Hyper-V disk I/O: performance of dynamic vs fixed virtual hard disks

The dynamic virtual hard drive is one of the best things about virtualization. It is like Dr Who’s Tardis. The virtualized OS thinks it has plenty of space, while on the host machine your 128GB virtual drive might occupy just 4 or 5GB – this is typical of the test VMs I set up, running say Server 2008 and a server application or two.

Trouble is, there’s a performance penalty. I first came across this with a hilariously slow Ubuntu install, where the problem is made worse by the lack of integration services, the utilities and drivers that install into the guest to enable smooth interaction with the host.

As an experiment, I created a second Ubuntu VM using a 30GB fixed-size drive. Better? Yes, much better. Here are the figures on my admittedly slow low-end HP Xeon server:

Copy an 891MB file:

  • Ubuntu 8.10 on 127GB dynamic drive with 1GB RAM: 6 min 45 secs
  • Ubuntu 8.10 on 30GB fixed drive with 1GB RAM: 3 min 15 secs

As a further test, I copied the same file in Server 2008:

  • Server 2008 on 127GB dynamic drive with 2GB RAM: 5 min 55 secs

My immediate thoughts: you would be crazy to use VMs in production with dynamic drives. Always use fixed drives. You can still expand them manually if necessary. Note that Hyper-V defaults to dynamic drives.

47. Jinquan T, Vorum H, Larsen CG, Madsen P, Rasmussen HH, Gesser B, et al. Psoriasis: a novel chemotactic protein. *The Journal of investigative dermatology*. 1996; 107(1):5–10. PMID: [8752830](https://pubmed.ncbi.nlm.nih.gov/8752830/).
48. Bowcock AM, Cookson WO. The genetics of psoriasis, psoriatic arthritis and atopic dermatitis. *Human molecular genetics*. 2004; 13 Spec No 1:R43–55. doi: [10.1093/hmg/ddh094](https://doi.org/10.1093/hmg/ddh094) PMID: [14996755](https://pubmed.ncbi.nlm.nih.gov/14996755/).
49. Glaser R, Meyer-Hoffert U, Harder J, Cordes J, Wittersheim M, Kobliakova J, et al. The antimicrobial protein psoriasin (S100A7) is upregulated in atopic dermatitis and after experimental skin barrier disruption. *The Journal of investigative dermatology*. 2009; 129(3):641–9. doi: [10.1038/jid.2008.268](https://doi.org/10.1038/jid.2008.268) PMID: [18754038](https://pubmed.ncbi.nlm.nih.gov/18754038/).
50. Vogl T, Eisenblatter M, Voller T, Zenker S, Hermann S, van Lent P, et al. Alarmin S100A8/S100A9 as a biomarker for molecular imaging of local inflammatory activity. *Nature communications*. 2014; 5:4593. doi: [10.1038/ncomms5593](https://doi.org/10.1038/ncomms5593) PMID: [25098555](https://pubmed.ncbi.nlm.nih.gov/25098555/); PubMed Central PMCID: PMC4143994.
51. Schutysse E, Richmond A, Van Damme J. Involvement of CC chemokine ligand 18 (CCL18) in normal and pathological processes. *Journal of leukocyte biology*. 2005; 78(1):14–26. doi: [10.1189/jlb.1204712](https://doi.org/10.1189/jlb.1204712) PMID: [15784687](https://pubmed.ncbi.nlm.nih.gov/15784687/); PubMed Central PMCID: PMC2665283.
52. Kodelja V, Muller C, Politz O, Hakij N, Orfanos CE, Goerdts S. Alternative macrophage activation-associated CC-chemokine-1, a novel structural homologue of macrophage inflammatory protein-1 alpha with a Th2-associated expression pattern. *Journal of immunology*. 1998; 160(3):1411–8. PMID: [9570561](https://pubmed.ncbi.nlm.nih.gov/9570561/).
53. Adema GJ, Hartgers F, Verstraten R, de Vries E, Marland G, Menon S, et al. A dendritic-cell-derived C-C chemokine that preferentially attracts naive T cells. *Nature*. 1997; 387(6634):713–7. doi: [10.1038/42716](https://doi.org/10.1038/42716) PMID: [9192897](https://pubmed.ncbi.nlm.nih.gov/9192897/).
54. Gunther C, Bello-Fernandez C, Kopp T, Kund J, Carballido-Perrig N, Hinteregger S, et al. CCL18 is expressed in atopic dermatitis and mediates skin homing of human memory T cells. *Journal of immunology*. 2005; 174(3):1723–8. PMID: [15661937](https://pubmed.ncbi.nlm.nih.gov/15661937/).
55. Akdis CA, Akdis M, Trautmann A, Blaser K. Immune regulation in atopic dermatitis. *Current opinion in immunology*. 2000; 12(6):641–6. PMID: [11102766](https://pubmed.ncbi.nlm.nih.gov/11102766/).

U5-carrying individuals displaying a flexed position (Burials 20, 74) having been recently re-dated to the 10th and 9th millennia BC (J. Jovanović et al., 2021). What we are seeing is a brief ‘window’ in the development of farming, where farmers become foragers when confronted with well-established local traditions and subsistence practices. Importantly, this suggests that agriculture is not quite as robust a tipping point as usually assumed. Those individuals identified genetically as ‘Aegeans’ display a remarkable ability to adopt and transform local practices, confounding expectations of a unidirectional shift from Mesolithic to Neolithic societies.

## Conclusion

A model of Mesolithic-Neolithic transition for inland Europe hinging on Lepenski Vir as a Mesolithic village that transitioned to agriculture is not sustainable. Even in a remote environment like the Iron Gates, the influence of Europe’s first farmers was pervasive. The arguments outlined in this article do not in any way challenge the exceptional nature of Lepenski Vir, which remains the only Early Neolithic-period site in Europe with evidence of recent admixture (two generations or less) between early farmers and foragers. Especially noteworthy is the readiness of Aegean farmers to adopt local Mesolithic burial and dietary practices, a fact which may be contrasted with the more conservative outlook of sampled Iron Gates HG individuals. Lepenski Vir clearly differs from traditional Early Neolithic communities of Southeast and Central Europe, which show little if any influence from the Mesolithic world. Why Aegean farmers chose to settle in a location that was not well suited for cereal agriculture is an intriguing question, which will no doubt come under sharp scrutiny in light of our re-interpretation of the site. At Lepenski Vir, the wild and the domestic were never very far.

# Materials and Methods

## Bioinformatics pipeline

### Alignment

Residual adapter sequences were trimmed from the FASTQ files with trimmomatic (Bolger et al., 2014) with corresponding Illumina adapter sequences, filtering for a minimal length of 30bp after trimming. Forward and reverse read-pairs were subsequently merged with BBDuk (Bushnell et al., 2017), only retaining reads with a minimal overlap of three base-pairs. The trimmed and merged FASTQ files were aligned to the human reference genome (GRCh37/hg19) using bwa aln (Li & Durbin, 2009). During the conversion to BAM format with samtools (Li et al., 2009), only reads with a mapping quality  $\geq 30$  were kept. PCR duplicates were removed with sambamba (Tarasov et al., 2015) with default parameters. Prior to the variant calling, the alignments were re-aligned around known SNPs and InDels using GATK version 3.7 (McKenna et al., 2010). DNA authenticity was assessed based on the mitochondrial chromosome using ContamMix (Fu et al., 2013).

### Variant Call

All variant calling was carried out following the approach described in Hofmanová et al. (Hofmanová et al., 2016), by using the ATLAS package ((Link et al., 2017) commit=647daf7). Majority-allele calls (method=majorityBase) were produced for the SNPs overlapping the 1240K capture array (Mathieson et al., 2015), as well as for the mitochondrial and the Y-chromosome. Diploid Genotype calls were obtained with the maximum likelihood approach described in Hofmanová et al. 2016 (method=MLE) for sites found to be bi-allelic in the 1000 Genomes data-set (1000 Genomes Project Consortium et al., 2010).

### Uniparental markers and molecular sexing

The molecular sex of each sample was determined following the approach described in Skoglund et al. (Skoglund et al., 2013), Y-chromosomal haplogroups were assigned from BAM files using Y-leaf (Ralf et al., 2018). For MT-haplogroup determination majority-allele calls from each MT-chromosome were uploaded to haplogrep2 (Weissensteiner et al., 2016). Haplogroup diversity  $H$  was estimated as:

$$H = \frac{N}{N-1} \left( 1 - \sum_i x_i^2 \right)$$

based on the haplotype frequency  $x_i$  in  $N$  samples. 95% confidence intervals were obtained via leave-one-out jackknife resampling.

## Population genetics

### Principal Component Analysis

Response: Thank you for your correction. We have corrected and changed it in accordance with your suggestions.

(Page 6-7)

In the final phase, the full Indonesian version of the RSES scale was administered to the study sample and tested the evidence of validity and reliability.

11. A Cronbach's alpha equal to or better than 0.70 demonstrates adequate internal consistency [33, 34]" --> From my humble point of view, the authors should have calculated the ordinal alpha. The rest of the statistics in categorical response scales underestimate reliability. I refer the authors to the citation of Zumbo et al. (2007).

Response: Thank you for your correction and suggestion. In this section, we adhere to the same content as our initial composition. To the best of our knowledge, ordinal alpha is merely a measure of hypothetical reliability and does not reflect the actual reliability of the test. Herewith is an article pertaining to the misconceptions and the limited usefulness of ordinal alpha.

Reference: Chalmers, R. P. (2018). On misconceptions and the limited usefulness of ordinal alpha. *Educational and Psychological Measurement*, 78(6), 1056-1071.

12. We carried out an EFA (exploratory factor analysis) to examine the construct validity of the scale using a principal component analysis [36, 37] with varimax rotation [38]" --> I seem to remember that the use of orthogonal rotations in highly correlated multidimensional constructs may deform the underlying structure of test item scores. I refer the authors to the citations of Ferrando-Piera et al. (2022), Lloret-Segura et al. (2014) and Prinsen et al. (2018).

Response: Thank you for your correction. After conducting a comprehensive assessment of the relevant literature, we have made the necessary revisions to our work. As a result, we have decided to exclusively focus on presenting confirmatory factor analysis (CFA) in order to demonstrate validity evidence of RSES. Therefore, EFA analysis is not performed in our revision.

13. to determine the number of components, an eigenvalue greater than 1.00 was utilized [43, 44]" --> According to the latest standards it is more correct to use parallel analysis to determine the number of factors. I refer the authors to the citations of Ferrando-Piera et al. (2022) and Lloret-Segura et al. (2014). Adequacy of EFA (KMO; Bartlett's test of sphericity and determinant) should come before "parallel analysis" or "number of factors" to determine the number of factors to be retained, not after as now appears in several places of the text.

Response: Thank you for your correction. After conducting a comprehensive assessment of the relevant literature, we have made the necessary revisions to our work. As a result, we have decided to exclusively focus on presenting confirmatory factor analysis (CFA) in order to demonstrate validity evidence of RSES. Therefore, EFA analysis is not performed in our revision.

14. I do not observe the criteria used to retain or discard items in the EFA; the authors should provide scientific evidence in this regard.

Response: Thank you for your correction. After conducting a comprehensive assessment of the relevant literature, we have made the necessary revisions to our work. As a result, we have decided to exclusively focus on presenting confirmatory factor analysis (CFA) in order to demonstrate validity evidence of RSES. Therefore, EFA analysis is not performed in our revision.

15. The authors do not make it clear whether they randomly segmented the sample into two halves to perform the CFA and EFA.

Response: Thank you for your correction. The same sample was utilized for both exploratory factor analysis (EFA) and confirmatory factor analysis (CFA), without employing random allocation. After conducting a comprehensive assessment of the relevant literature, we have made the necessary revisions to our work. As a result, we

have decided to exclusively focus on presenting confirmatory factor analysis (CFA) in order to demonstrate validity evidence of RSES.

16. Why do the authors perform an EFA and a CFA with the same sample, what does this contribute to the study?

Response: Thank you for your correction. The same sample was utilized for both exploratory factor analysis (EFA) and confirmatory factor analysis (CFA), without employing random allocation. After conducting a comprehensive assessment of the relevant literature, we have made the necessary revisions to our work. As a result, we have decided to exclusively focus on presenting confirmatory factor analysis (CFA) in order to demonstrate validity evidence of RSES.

Still, these tests are not extensive or rigorous; I’d be interested in other results. I’ll also be creating my next Server 2008 VM on a fixed drive and will repeat the test there.

I’ve posted some further hyper-v tips and gotchas here.

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One thought on “Hyper-V disk I/O: performance of dynamic vs fixed virtual hard disks”

  1. I have to agree with your findings, in all the VM software I have used, fixed drives have always outperformed dynamic drives. Also, if you are smart, defragging the host system disc prior to creating the fixed drive may help ensure the VM disc image occupies contiguous disc space.

    So for production servers, they should always be set as fixed drives. Even with a VM, treating a production system as if it was a real physical server is no bad thing. Of course, for production servers, you would also ideally have every VM on it’s own drive spindle to reduce contention, which naturally leads to fixed sized virtual images.

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